Abstract: Integrating the Southern Workplace: Lockheed and Cobb County, Georgia

Thomas A. Scott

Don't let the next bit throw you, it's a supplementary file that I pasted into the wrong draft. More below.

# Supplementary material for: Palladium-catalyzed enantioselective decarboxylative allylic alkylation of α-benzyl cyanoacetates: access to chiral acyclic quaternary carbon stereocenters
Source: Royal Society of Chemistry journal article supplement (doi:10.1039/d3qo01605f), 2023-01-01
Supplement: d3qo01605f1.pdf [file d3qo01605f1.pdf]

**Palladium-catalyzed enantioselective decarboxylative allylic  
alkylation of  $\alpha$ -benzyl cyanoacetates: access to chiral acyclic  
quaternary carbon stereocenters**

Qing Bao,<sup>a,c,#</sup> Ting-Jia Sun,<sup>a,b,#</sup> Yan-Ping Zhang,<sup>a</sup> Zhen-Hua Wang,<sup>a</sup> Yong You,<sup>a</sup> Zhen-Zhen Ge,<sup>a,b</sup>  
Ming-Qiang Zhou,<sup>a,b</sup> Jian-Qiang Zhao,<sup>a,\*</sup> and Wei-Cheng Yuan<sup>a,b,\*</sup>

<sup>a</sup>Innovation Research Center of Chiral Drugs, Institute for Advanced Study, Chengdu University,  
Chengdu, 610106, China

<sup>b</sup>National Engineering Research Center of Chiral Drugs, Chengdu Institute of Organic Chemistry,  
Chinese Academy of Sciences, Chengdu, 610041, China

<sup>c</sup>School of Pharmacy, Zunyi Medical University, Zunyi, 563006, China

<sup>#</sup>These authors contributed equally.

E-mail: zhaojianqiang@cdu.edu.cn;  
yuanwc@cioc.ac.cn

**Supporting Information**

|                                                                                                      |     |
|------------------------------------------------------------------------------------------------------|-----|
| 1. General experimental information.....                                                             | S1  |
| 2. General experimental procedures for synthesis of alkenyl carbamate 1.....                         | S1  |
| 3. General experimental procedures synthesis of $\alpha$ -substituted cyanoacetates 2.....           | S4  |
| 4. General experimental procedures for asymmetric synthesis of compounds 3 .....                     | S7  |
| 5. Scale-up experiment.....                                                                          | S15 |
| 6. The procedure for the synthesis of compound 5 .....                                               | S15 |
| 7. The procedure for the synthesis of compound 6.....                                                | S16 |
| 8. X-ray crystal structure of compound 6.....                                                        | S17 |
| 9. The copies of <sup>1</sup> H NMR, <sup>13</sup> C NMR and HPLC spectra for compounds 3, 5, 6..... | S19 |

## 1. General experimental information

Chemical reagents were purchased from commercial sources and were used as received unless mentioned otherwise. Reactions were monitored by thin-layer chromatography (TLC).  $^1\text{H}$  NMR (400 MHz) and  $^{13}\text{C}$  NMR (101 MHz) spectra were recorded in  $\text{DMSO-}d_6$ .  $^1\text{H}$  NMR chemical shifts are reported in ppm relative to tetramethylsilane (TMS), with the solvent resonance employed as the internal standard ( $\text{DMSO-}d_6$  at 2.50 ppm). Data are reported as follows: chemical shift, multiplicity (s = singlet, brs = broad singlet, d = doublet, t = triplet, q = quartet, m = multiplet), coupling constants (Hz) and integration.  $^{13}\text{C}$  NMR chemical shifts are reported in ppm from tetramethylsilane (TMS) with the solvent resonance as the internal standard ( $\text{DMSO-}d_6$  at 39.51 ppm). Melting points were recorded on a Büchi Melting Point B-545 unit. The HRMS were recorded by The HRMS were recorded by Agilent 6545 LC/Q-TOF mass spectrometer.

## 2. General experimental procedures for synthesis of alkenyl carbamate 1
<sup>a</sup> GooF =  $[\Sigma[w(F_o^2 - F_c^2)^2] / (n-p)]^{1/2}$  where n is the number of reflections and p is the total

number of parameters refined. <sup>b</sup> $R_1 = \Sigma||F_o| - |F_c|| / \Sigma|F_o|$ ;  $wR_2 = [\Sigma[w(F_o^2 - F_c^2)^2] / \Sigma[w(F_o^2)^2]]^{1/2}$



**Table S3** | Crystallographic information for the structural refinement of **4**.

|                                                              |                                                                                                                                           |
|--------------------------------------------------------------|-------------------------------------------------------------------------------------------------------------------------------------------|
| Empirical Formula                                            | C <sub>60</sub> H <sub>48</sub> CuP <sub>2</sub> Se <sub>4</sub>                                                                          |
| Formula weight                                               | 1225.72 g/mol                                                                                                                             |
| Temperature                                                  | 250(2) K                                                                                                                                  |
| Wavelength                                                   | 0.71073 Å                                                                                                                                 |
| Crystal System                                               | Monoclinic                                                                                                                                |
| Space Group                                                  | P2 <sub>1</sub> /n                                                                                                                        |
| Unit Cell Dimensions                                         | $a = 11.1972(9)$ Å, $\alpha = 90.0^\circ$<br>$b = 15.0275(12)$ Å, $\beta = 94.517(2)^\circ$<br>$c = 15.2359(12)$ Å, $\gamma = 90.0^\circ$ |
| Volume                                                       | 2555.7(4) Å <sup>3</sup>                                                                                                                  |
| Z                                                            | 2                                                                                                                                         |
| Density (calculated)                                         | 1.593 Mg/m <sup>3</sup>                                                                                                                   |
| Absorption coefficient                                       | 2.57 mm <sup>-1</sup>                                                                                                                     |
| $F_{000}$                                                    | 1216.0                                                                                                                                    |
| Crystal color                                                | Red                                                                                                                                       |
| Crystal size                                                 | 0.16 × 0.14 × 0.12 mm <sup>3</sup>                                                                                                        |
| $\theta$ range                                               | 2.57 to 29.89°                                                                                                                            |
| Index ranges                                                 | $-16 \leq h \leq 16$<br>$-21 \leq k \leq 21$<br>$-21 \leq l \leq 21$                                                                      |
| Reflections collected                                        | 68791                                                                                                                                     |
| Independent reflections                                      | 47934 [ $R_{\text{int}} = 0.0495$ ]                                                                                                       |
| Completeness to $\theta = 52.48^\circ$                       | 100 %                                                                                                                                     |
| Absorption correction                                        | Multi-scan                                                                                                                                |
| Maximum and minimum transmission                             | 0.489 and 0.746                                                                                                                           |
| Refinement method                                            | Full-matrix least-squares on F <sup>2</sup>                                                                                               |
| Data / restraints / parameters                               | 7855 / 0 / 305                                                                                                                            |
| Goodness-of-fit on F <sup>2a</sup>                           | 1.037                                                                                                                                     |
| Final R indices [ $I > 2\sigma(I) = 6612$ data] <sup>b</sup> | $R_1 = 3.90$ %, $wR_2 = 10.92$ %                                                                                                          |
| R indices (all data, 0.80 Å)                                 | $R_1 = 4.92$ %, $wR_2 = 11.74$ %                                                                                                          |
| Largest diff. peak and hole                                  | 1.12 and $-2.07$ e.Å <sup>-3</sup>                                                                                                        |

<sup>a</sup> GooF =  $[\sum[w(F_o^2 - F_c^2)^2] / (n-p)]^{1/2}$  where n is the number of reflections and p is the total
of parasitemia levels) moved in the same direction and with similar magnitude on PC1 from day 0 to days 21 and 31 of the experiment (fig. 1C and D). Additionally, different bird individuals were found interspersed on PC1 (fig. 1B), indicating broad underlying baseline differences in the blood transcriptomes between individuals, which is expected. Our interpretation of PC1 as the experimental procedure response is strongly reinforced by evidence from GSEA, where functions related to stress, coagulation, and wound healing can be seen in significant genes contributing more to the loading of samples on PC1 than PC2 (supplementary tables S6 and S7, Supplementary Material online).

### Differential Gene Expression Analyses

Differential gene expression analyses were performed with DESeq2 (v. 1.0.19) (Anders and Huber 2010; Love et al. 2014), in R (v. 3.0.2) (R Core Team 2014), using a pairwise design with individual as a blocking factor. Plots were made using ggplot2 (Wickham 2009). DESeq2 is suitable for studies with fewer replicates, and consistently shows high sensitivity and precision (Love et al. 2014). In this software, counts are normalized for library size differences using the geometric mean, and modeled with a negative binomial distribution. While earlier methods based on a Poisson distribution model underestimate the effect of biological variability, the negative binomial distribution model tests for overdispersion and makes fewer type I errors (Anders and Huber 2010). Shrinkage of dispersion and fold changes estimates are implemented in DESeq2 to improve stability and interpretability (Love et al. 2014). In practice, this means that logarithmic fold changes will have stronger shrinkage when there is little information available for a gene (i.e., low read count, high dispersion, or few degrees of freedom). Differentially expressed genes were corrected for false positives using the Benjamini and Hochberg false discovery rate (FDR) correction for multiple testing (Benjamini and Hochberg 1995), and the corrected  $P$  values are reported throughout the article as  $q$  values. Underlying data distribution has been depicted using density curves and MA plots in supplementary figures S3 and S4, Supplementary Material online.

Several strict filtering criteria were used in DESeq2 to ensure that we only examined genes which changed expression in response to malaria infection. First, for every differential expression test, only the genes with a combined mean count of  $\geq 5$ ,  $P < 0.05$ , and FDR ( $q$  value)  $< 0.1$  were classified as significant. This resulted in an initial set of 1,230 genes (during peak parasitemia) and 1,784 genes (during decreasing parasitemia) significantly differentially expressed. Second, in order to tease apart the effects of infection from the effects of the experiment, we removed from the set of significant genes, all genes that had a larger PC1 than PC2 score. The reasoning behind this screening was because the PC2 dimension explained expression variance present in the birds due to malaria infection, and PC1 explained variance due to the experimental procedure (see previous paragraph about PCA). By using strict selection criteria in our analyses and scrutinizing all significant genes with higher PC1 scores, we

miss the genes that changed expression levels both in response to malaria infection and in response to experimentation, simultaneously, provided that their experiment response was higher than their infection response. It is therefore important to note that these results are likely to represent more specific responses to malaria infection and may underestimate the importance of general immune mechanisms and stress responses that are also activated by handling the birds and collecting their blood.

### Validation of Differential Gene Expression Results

The standard story of metropolitan Atlanta in the Civil Rights era features supposedly progressive Atlanta, the city "too busy to hate," and its surrounding lily-white counties, where "white flight" produced a virulent form of extreme right-wing politics. While this version of truth has some merit, it masks the reality that there was more convergence than divergence between downtown Atlanta and suburban Cobb County, the home of the Lockheed-Georgia plant. The argument of this paper is that local business and political leaders in Atlanta and Cobb were pragmatists on the question of desegregation, with a willingness to change if necessary to protect their business interests. In the case of Lockheed the desire to receive federal defense contracts, particularly in 1961 the billion-dollar C-141 StarLifter contract, was the central factor in bringing about workplace integration. In understanding how the South desegregated in the 1960s with a minimum of violence, the case of Lockheed is instructive, because it points to the recognition of enlightened self-interest as a key factor in explaining how at least some southerners found it expedient to be on the right side of history.